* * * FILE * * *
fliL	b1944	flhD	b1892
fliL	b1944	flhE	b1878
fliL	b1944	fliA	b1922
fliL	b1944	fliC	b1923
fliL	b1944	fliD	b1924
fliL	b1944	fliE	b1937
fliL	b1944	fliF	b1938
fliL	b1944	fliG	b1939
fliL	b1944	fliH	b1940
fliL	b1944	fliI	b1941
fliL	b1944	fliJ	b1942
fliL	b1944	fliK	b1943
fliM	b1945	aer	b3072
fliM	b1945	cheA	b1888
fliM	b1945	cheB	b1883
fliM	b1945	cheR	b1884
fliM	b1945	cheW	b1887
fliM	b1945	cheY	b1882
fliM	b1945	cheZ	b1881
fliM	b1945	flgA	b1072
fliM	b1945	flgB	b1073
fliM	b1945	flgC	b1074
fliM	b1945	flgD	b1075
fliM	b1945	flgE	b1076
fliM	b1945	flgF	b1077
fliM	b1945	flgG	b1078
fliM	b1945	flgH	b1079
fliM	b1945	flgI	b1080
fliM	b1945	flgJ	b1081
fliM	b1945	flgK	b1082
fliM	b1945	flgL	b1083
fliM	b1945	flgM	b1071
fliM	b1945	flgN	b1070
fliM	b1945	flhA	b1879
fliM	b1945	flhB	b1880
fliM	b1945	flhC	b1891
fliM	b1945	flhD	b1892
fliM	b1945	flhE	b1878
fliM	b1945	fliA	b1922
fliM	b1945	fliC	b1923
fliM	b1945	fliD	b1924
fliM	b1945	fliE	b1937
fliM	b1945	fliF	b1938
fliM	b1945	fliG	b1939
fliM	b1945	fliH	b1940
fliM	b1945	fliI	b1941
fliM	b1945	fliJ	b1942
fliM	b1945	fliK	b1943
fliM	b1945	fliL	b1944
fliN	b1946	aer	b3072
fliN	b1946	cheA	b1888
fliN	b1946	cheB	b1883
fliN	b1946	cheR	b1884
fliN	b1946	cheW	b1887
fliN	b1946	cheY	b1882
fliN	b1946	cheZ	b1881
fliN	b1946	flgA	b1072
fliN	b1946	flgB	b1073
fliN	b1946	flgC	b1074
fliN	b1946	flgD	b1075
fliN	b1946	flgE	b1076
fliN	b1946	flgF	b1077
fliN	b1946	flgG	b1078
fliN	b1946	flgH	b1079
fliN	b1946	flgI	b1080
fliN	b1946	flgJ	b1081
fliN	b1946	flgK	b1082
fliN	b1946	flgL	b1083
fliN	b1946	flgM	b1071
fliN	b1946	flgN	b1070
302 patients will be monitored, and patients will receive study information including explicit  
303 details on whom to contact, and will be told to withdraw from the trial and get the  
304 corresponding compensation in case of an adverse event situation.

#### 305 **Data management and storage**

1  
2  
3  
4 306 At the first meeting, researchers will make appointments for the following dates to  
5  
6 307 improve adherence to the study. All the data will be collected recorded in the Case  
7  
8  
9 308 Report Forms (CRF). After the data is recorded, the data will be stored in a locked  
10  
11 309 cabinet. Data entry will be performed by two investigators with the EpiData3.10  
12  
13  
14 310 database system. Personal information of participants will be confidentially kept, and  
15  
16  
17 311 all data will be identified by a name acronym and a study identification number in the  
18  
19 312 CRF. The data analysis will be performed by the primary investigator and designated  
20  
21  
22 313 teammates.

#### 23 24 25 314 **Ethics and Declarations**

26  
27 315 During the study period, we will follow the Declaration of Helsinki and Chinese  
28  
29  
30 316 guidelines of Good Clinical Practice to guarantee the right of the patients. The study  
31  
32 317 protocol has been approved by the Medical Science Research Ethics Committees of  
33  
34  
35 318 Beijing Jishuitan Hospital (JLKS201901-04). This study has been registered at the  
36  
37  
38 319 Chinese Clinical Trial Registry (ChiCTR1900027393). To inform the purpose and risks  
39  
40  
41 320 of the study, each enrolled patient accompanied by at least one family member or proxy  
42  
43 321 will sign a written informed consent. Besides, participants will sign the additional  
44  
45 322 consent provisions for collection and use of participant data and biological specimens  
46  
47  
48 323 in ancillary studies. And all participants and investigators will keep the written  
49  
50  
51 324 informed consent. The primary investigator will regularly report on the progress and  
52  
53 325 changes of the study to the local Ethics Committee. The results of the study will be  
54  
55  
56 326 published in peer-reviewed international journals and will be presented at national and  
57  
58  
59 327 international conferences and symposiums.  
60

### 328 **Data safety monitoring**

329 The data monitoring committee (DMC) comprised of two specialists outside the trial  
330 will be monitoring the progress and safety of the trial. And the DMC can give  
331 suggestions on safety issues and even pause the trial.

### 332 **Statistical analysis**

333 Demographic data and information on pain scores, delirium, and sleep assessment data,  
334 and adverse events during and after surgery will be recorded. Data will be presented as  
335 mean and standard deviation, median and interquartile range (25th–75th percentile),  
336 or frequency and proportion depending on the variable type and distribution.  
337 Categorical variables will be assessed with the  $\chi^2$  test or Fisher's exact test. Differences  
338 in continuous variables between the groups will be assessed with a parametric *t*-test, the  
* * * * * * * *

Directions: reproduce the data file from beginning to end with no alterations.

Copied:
fliL	b1944	flhD	b1892
fliL	b1944	flhE	b1878
fliL	b1944	fliA	b1922
fliL	b1944	fliC	b1923
fliL	b1944	fliD	b1924
fliL	b1944	fliE	b1937
fliL	b1944	fliF	b1938
fliL	b1944	fliG	b1939
fliL	b1944	fliH	b1940
fliL	b1944	fliI	b1941
fliL	b1944	fliJ	b1942
fliL	b1944	fliK	b1943
fliM	b1945	aer	b3072
fliM	b1945	cheA	b1888
fliM	b1945	cheB	b1883
fliM	b1945	cheR	b1884
fliM	b1945	cheW	b1887
fliM	b1945	cheY	b1882
fliM	b1945	cheZ	b1881
fliM	b1945	flgA	b1072
fliM	b1945	flgB	b1073
fliM	b1945	flgC	b1074
fliM	b1945	flgD	b1075
fliM	b1945	flgE	b1076
fliM	b1945	flgF	b1077
fliM	b1945	flgG	b1078
fliM	b1945	flgH	b1079
fliM	b1945	flgI	b1080
fliM	b1945	flgJ	b1081
fliM	b1945	flgK	b1082
fliM	b1945	flgL	b1083
fliM	b1945	flgM	b1071
fliM	b1945	flgN	b1070
fliM	b1945	flhA	b1879
fliM	b1945	flhB	b1880
fliM	b1945	flhC	b1891
fliM	b1945	flhD	b1892
fliM	b1945	flhE	b1878
fliM	b1945	fliA	b1922
fliM	b1945	fliC	b1923
fliM	b1945	fliD	b1924
fliM	b1945	fliE	b1937
fliM	b1945	fliF	b1938
fliM	b1945	fliG	b1939
fliM	b1945	fliH	b1940
fliM	b1945	fliI	b1941
fliM	b1945	fliJ	b1942
fliM	b1945	fliK	b1943
fliM	b1945	fliL	b1944
fliN	b1946	aer	b3072
fliN	b1946	cheA	b1888
fliN	b1946	cheB	b1883
fliN	b1946	cheR	b1884
fliN	b1946	cheW	b1887
fliN	b1946	cheY	b1882
fliN	b1946	cheZ	b1881
fliN	b1946	flgA	b1072
fliN	b1946	flgB	b1073
fliN	b1946	flgC	b1074
fliN	b1946	flgD	b1075
fliN	b1946	flgE	b1076
fliN	b1946	flgF	b1077
fliN	b1946	flgG	b1078
fliN	b1946	flgH	b1079
fliN	b1946	flgI	b1080
fliN	b1946	flgJ	b1081
fliN	b1946	flgK	b1082
fliN	b1946	flgL	b1083
fliN	b1946	flgM	b1071
fliN	b1946	flgN	b1070
302 patients will be monitored, and patients will receive study information including explicit  
303 details on whom to contact, and will be told to withdraw from the trial and get the  
304 corresponding compensation in case of an adverse event situation.

#### 305 **Data management and storage**

1  
2  
3  
4 306 At the first meeting, researchers will make appointments for the following dates to  
5  
6 307 improve adherence to the study. All the data will be collected recorded in the Case  
7  
8  
9 308 Report Forms (CRF). After the data is recorded, the data will be stored in a locked  
10  
11 309 cabinet. Data entry will be performed by two investigators with the EpiData3.10  
12  
13  
14 310 database system. Personal information of participants will be confidentially kept, and  
15  
16  
17 311 all data will be identified by a name acronym and a study identification number in the  
18  
19 312 CRF. The data analysis will be performed by the primary investigator and designated  
20  
21  
22 313 teammates.

#### 23 24 25 314 **Ethics and Declarations**

26  
27 315 During the study period, we will follow the Declaration of Helsinki and Chinese  
28  
29  
30 316 guidelines of Good Clinical Practice to guarantee the right of the patients. The study  
31  
32 317 protocol has been approved by the Medical Science Research Ethics Committees of  
33  
34  
35 318 Beijing Jishuitan Hospital (JLKS201901-04). This study has been registered at the  
36  
37  
38 319 Chinese Clinical Trial Registry (ChiCTR1900027393). To inform the purpose and risks  
39  
40  
41 320 of the study, each enrolled patient accompanied by at least one family member or proxy  
42  
43 321 will sign a written informed consent. Besides, participants will sign the additional  
44  
45 322 consent provisions for collection and use of participant data and biological specimens  
46  
47  
48 323 in ancillary studies. And all participants and investigators will keep the written  
49  
50  
51 324 informed consent. The primary investigator will regularly report on the progress and  
52  
53 325 changes of the study to the local Ethics Committee. The results of the study will be  
54  
55  
56 326 published in peer-reviewed international journals and will be presented at national and  
57  
58  
59 327 international conferences and symposiums.  
60

### 328 **Data safety monitoring**

329 The data monitoring committee (DMC) comprised of two specialists outside the trial  
330 will be monitoring the progress and safety of the trial. And the DMC can give  
331 suggestions on safety issues and even pause the trial.

### 332 **Statistical analysis**

333 Demographic data and information on pain scores, delirium, and sleep assessment data,  
334 and adverse events during and after surgery will be recorded. Data will be presented as  
335 mean and standard deviation, median and interquartile range (25th–75th percentile),  
336 or frequency and proportion depending on the variable type and distribution.  
337 Categorical variables will be assessed with the  $\chi^2$  test or Fisher's exact test. Differences  
338 in continuous variables between the groups will be assessed with a parametric *t*-test, the  